Any government introducing tough new laws expects criticism. Still, jaws must have dropped among Britain’s ruling coalition last week, when recent changes to housing taxes were criticized by none other than the United Nations. Visiting Britain, U.N. special investigator Raquel Rolnik lambasted Prime Minister David Cameron’s so-called “bedroom tax,” a new levy on unoccupied space for welfare recipients.
Recommending that the law be scrapped, Rolnik told the Guardian that she “was very shocked to hear how people really feel abused in their human rights by this decision and why — being so vulnerable — they should pay for the cost of the economic downturn, which was brought about by the financial crisis. People in testimonies were crying, saying ‘I have nowhere to go,’ ‘I will commit suicide’.”
Rolnik’s response to the tax, introduced this past April, has clearly shocked the government. Britain isn’t alone in generally expecting the U.N. to deplore conditions in Syria rather than inside its own borders. The strong condemnation, building on an already embittered backlash within Britain, is even more unexpected given that, on a superficial reading, the law makes some sense. (Perhaps that explains why the pro-government press has already started assassinating Rolnik’s character?)
The essence of the bedroom tax is as follows: To keep homelessness down, 5 million Britons have their rent paid or subsidized through a welfare payment called housing benefit, which passes straight from state to landlord. While the majority of these people are unemployed, at least 18 percent (and probably more) have jobs but make wages too low to afford market prices.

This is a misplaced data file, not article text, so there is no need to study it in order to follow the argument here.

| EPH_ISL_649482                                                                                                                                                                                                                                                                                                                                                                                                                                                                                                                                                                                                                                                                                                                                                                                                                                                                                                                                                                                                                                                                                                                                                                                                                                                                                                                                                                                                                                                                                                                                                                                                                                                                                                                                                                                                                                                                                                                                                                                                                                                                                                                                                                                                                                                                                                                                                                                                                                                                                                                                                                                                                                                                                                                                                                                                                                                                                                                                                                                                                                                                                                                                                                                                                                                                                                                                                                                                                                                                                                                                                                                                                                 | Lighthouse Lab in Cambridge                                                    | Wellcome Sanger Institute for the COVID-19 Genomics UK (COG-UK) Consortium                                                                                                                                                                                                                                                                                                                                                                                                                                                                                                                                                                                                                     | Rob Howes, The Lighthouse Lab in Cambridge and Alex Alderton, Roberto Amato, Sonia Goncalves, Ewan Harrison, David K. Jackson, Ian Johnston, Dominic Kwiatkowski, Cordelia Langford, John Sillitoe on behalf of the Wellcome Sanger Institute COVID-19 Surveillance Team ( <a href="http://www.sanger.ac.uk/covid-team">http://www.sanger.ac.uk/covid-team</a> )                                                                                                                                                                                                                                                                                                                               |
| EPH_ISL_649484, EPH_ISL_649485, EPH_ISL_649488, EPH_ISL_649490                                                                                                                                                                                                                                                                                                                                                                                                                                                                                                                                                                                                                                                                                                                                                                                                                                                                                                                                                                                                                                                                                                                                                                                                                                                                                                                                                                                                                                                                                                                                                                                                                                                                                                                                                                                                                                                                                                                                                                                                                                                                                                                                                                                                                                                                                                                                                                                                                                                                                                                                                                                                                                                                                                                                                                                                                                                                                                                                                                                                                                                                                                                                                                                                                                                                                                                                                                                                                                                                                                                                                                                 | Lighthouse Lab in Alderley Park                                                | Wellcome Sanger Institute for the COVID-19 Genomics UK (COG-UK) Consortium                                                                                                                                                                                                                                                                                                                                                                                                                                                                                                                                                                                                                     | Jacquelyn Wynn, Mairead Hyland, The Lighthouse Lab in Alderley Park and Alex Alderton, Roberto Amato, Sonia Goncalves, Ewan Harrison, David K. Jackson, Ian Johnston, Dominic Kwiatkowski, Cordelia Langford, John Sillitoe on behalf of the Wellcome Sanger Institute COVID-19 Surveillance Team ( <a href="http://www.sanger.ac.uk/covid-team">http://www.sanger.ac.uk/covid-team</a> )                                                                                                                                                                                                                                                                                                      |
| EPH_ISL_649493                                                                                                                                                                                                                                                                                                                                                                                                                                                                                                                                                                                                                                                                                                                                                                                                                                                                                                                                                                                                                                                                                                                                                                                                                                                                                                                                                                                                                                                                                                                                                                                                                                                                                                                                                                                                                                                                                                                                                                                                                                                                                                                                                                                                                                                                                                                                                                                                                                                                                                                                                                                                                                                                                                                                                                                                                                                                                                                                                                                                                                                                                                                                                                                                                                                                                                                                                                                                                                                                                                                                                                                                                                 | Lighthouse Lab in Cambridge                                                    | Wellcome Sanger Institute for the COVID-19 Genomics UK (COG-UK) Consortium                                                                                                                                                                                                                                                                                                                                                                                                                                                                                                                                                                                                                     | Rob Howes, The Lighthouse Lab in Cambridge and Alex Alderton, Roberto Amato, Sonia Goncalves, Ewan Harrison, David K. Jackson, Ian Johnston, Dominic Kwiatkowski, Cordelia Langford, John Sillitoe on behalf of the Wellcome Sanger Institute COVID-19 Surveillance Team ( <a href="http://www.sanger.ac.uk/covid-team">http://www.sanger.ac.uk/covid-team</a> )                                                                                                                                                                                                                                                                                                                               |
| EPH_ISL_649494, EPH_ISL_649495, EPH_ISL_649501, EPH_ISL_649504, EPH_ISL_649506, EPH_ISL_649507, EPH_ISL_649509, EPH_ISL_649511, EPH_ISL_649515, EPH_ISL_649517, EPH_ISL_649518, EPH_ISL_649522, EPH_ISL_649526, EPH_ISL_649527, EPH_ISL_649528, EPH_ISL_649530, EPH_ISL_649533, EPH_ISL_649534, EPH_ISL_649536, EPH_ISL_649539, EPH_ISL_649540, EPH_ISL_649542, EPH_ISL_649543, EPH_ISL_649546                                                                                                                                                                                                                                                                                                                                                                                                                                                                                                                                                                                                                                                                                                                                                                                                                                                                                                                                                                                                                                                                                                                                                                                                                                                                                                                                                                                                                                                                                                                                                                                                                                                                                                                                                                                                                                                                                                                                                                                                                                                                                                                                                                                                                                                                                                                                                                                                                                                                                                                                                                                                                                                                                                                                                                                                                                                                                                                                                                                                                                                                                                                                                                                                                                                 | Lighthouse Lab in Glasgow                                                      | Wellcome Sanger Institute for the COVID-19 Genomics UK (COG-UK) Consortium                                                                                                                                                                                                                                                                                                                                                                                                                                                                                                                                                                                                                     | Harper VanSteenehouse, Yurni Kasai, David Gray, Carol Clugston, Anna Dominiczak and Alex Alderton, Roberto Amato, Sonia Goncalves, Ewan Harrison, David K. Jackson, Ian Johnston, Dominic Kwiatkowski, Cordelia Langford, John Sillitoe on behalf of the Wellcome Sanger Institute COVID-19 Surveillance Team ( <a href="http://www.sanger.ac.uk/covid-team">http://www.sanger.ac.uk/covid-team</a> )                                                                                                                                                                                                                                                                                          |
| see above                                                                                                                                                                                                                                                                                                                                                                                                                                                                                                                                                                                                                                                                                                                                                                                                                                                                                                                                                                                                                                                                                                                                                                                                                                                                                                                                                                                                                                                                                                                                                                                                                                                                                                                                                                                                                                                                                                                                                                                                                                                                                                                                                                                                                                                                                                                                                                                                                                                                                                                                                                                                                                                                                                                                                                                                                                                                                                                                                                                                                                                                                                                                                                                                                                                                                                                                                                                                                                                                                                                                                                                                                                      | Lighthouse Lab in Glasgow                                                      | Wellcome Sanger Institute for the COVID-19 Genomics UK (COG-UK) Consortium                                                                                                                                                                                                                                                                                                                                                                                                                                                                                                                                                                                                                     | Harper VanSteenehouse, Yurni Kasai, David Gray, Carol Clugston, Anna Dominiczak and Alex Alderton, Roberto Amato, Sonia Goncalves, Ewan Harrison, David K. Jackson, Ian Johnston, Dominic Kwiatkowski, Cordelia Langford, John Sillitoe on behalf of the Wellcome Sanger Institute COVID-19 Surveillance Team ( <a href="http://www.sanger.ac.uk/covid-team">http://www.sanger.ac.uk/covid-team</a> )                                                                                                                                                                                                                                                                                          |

Since April, though, any recipients with an extra bedroom — this includes separate bedrooms for young children — have had 14 percent of their housing benefit deducted. They lose 25 percent if they have two extra bedrooms. The idea is to encourage people to move into smaller dwellings, thus saving government cash and making potential abuse of the system harder.
But while in the abstract the law sounds reasonable, it ignores the realities of the British housing market. People aren’t being gently encouraged to downsize. They’re being pushed into homelessness, not least because the law is applied punitively and arbitrarily.
British unemployment benefit is at breadline level already, and many people have no hope of either finding the missing funds or somewhere smaller to live. Disabled people who have a specially adapted second room necessary for managing their conditions face eviction because they can’t afford make up the new rent gap. Many have lost their homes and some have reportedly been driven to suicide.
What’s more, many people simply have nowhere else to go. The supply of smaller flats and houses isn’t out there to be taken. Rather than moving, tenants are just building up unpayable debts that will ultimately lead to their eviction. If accommodation exists, it is often at rents that exceed new caps on what the state will pay in housing benefit. It’s perhaps no surprise then that since the bedroom tax was introduced, a quarter of Britain’s new homeless got that way because they couldn’t find anywhere affordable to live after their last rental contract ended.